The first new nuclear power station would come on line in 2023. The government intended to build between six and eight nuclear power plants, and the bid invitation specification and related evaluation criteria would be finalised by the end of July, Mbambo said.
“It is important to note that government is still to negotiate the price tag in the procurement process which is why exact figures… cannot be made available to the public at this stage.”
Mbambo gave examples of the current world experience, saying the current world experience for quoted numbers for real export would indicate an overnight cost of about $5-billion per 1 200 megawatts, which is equivalent to $4 200 per kilowatt per reactor in new comer states.
“In countries with established domestic construction programmes, such as China, South Korea and India, the prices in order of $2 500 per kilowatts are being quoted. Among the 70-plus reactors in the world, there are a number of projects where because of the local market and political conditions the project costs are higher than these figures.”
The government was expected to complete its financing arrangements for the new build programme shortly.
Mixed energy plan
In March 2011, the Cabinet approved and promulgated a 20-year Integrated Resource Plan (IRP 2010-30), which is the government’s electricity plan. It has a mixed energy agenda that puts nuclear at 23% (9 600 MW) of energy source by 2030.
The briefing followed the submission of the Inter-Government Framework Agreements on nuclear co-operation to Parliament.
These agreements laid a foundation for co-operation, trade and exchange of nuclear technology as well as procurement, according to the department.
Going forward, Mbambo said, the government planned to follow the approved procurement process that would include a competitive, transparent bidding process that was cost effective and in line with legislation.
Work already done towards the nuclear build programme was extensive. Over and above the inter-governmental agreements, the International Atomic Energy Agency has conducted an Integrated Nuclear Infrastructure Review (INIR) mission, which is an assessment of the country’s infrastructure as it relates to readiness to start purchasing, constructing, and operating nuclear power plants.
Of the 10 recommendations made by the panel, several have been completed; others are being reviewed. Strategies have been drawn up in line with the recommendations.
The department has also undertaken study tours to various nuclear vendor countries to learn about the technologies they use and the lessons they have learned in using nuclear energy.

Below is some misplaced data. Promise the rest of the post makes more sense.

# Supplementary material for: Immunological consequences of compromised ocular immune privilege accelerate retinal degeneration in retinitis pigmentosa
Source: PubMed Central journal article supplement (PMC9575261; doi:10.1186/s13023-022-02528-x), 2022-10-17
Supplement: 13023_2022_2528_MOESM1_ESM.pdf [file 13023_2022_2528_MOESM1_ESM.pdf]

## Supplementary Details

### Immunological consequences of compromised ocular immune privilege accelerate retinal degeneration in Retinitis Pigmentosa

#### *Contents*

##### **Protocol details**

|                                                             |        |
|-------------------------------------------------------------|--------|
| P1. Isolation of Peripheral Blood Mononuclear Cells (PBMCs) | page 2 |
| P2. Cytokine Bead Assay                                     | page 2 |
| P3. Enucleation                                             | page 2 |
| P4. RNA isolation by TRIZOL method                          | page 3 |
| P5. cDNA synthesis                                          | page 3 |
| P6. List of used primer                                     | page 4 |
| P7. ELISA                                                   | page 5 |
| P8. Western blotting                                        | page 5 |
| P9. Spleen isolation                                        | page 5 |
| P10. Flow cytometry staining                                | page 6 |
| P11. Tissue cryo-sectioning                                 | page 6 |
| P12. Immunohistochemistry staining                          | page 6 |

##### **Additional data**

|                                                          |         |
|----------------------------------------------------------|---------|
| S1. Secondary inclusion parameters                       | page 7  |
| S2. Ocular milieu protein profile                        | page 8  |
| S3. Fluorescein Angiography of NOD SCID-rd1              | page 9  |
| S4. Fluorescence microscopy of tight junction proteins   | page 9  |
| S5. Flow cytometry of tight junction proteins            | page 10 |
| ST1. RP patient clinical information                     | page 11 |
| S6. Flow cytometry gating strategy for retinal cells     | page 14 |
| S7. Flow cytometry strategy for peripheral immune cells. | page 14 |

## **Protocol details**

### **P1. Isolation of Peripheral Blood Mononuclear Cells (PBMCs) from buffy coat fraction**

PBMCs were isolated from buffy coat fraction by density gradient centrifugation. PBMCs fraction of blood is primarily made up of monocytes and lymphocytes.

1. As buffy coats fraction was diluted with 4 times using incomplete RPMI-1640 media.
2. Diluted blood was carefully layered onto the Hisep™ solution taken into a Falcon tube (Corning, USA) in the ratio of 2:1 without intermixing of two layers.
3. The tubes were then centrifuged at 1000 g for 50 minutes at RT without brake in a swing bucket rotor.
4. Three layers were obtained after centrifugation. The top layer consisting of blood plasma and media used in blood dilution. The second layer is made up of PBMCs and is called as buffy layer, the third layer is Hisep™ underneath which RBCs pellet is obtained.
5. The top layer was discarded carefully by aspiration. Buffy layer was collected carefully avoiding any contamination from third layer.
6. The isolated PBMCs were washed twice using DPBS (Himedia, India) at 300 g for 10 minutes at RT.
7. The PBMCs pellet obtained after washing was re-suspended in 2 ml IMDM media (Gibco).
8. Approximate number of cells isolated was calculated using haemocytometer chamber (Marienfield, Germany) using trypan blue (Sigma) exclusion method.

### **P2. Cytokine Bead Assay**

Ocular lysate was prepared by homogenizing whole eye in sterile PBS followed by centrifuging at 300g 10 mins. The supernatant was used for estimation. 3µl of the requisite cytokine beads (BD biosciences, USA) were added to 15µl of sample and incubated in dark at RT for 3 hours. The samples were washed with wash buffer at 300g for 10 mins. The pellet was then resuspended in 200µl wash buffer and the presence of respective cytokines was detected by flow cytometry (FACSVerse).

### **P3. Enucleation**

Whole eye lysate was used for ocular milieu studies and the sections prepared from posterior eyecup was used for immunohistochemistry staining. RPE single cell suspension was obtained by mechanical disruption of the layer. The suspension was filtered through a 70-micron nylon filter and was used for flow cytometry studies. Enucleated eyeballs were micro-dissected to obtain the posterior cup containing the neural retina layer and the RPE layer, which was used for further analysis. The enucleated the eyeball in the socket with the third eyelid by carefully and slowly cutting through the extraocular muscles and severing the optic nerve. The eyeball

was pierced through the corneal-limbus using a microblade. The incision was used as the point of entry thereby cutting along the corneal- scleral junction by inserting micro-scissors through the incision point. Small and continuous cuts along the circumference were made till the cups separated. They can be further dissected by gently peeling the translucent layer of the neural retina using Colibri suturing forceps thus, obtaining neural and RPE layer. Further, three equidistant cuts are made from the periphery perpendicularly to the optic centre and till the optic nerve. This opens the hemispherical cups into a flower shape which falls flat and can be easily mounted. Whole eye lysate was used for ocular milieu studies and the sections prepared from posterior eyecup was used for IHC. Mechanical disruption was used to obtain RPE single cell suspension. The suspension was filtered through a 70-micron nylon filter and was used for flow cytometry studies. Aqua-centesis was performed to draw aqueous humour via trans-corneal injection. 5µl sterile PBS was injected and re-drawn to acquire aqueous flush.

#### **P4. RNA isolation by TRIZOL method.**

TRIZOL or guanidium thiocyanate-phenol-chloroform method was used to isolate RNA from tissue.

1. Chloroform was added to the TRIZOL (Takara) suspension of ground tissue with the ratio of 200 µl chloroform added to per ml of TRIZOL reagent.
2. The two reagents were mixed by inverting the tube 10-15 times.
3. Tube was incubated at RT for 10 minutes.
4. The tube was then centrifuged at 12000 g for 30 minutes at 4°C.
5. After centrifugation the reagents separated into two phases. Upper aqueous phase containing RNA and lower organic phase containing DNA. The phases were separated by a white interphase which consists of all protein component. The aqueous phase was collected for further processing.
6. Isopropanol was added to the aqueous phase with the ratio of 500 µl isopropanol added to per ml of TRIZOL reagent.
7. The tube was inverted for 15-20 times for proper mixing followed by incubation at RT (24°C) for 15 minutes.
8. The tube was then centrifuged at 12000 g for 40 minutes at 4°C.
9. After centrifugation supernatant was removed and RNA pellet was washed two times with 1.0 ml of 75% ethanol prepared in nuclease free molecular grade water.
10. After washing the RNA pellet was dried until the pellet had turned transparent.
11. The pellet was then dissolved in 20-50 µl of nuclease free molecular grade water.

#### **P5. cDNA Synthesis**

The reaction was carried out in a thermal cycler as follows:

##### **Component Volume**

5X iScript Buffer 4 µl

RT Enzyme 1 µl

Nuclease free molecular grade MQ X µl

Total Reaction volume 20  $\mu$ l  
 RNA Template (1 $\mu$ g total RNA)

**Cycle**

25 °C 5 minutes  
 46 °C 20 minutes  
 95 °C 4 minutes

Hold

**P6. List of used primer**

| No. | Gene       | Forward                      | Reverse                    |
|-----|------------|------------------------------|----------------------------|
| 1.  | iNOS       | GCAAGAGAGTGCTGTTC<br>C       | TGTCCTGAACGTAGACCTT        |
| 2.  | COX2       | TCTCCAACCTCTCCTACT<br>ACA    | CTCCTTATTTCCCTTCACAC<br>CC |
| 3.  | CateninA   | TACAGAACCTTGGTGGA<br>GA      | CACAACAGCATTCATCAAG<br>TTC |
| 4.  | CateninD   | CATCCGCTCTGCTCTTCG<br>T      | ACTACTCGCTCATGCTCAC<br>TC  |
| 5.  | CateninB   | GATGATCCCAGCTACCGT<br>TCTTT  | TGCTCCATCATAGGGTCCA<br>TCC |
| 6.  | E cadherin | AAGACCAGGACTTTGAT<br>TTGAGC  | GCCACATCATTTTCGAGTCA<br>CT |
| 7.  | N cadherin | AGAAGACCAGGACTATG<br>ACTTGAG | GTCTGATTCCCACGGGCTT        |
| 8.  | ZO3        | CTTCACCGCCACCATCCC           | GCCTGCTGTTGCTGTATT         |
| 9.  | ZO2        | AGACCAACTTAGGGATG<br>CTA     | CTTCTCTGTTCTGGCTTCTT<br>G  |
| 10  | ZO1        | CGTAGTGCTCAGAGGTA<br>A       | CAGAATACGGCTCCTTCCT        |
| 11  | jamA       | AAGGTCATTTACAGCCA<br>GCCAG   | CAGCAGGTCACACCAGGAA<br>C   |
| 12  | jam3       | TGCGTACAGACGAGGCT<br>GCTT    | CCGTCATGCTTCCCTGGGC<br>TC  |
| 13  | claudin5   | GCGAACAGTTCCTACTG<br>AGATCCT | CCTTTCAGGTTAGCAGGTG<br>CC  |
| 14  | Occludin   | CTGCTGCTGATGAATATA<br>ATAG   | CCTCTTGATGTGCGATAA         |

Vendor parades have been held, with South Africa professionals from government departments, state-owned entities and universities interrogating the vendors’ technological offerings.
“The vendor parade workshops provided a platform for South Africa professionals to exchange views with their peers on the nuclear new build programme.”
In addition, in preparing for the nuclear new build programme, national skills development is being undertaken.
Mbambo said 50 trainees from the government, entities and industry were sent to China for Phase 1 nuclear training in April. “Plans are under way to send an additional 250 trainees to China this year. Additionally, a memorandum of agreement on skills development was entered into between Necsa [South African Nuclear Energy Corporation] and State Nuclear Power Technology Co-operation of China.”
Russia had offered 10 scholarships for Master’s degrees in nuclear technology. A memorandum of understanding had also been signed covering the training and development of 200 South Africans at Russian universities and educational organisations.
South Korea had an existing programme to train South African students for Master’s degrees in nuclear engineering; already three students had graduated.
Finally, France had put in place 14 bursaries for young people from previously disadvantaged groups to study a four-year engineering programme at various universities.
“The negotiations on Nuclear Skills Development with the French government are at an advance stage that could see an establishment of a nuclear campus in South Africa,” Mbambo added.
“Government remains committed to ensure energy security for the country, through the roll out of the nuclear new build programme as an integral part of the energy mix. Government remains committed to ensuring the provision of reliable and sustainable electricity supply, as part of mitigating the risk of carbon emissions,” he said.
The nuclear new build programme would enable the country “to create jobs, develop skills, create industries, and catapult the country into a knowledge economy”.